There’s more to the human voice than intentional sounds, a fact that Boards play on brilliantly by incorporating what sound like sharp inhalations into the beat of “Eagle in Your Mind.” When listened to closely, it’s shocking how much of the music on the album is built up from human sounds, and not machines. Melodies rise and sink so subtly you can miss them the first ten, twenty, perhaps hundred times you listen to this record, and that’s no mean feat. So many of the sounds that make up the tracks—whether they’re voices, bursts of static, the sound of billiards balls knocking together, or seagull cries—have been stripped out of their contexts that the listener is forced to make their own narrative out of what’s happening—yet another thing Boards share with Lynch and his mode of filmmaking.

This forcing of the audience out of their comfort zone is in some ways more notable in Boards’ music than in Lynch’s filmmaking, though, because it happens so slyly. After all, you could throw this record on in the background of a party and hardly anyone would notice. The same could not be said of the majority of Lynch’s body of work. Perhaps it’s just easier to tune things out that are only auditory, which is one of the reasons that many of Lynch’s films include instructions for the theaters to turn the volume up when showing his films. As such, the most direct way to get at the heart of Boards of Canada is to put on a pair of headphones, turn it up, and take a tour through two of the album’s most compelling tracks, “Happy Cycling” and “Sixtyten.”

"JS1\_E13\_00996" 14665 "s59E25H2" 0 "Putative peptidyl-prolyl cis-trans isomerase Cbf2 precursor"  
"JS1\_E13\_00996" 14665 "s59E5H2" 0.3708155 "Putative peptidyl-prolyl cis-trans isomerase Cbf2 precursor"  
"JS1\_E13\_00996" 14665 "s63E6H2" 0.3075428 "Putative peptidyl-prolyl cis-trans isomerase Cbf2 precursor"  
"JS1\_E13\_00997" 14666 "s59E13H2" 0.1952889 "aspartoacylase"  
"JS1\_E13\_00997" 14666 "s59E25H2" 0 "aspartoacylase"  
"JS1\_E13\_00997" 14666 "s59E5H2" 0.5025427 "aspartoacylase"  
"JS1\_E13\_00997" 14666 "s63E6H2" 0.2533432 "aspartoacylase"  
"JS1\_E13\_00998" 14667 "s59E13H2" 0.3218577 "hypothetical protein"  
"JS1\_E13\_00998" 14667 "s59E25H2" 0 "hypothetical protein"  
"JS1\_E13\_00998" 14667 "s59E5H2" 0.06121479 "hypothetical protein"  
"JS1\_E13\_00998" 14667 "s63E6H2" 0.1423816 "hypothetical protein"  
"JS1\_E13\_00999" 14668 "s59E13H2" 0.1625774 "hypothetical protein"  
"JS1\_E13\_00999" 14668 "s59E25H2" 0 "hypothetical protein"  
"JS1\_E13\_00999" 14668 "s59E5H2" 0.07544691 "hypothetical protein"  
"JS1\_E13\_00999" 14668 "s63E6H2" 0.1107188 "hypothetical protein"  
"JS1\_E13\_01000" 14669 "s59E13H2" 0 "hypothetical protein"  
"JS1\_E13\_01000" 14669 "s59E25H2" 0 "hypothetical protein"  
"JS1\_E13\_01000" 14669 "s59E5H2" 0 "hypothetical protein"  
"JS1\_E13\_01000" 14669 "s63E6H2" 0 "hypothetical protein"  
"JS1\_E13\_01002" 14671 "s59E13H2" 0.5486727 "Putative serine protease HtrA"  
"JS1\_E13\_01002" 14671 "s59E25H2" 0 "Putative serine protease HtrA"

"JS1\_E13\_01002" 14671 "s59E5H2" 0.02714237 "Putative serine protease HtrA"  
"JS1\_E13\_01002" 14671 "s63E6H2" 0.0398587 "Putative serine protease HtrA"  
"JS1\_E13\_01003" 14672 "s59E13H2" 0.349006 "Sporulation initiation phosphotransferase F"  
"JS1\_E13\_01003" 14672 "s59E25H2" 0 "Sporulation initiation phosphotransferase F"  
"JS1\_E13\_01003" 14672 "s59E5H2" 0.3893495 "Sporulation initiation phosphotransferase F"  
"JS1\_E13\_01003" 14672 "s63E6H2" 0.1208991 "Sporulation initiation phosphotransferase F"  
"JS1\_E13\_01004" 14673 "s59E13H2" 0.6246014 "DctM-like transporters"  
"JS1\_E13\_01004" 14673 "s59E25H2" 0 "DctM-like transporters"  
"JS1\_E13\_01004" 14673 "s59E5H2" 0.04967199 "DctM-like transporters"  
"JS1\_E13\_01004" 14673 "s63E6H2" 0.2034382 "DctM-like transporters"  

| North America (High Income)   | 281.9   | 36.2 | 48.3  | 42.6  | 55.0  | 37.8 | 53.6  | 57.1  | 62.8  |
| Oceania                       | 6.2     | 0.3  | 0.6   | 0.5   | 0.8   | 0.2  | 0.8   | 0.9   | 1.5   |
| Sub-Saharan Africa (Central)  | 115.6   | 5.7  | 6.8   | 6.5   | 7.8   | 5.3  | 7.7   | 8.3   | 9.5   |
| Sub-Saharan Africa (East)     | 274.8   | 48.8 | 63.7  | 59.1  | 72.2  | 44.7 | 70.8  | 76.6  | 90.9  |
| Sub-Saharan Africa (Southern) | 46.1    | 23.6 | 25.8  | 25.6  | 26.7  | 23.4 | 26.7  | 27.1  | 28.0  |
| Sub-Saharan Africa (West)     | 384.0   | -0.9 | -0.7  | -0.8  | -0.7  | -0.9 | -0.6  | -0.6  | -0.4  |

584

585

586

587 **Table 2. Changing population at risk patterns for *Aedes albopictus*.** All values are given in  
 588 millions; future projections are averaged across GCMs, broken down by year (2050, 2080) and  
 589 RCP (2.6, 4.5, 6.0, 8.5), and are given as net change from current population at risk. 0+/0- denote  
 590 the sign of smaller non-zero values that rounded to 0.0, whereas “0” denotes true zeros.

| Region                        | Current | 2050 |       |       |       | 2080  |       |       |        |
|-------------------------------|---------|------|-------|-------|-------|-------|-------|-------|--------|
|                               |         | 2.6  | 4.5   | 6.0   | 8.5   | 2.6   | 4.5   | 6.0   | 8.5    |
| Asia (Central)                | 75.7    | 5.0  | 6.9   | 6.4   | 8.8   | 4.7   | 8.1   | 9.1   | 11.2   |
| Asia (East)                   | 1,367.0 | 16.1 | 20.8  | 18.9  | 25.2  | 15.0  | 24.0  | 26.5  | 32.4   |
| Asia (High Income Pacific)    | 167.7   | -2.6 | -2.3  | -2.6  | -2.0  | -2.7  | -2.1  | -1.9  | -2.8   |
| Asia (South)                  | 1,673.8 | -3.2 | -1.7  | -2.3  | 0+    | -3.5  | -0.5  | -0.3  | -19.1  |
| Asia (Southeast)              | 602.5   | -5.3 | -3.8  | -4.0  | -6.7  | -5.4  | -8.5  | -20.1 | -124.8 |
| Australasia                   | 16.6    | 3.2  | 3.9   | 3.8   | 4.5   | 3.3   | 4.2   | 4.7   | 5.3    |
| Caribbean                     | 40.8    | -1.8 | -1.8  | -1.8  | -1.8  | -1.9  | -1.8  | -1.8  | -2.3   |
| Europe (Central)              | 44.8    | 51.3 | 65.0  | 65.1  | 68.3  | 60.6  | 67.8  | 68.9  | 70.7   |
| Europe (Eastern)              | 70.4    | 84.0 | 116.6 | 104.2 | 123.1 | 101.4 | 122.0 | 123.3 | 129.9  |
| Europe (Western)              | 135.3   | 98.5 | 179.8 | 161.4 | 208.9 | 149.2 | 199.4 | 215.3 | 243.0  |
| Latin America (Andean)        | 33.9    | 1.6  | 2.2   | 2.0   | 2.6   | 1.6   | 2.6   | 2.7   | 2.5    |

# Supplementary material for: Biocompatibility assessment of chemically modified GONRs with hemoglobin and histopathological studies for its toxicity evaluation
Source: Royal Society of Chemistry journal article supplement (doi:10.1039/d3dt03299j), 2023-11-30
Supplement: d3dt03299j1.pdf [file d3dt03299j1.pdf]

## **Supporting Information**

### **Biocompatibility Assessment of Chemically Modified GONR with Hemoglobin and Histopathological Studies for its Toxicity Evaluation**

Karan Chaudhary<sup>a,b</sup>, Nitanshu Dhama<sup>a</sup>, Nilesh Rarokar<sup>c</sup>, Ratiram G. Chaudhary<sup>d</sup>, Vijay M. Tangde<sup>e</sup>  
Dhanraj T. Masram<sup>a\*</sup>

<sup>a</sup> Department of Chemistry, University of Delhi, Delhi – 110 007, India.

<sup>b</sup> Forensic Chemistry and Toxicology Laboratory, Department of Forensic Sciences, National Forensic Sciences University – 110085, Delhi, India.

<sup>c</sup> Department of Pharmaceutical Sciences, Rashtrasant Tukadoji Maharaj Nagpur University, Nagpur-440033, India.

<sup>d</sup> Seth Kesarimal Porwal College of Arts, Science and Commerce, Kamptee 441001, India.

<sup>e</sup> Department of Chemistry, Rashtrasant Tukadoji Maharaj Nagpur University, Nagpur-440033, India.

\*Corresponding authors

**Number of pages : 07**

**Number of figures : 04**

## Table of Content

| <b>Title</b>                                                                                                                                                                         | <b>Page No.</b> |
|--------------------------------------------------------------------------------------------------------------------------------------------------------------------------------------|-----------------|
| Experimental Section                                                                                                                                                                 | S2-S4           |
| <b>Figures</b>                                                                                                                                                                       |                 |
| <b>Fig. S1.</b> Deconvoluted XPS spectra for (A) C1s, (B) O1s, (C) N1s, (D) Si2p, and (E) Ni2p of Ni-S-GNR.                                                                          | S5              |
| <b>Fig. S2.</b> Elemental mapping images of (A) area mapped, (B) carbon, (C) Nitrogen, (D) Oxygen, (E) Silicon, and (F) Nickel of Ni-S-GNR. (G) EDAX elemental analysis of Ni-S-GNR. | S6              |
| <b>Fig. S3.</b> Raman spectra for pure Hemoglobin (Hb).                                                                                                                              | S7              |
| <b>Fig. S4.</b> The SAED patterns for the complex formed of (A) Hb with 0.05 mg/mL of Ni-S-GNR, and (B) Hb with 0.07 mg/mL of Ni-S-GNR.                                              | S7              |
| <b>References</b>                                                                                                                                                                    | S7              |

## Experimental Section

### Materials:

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Sandison and Eoin on holiday, apparently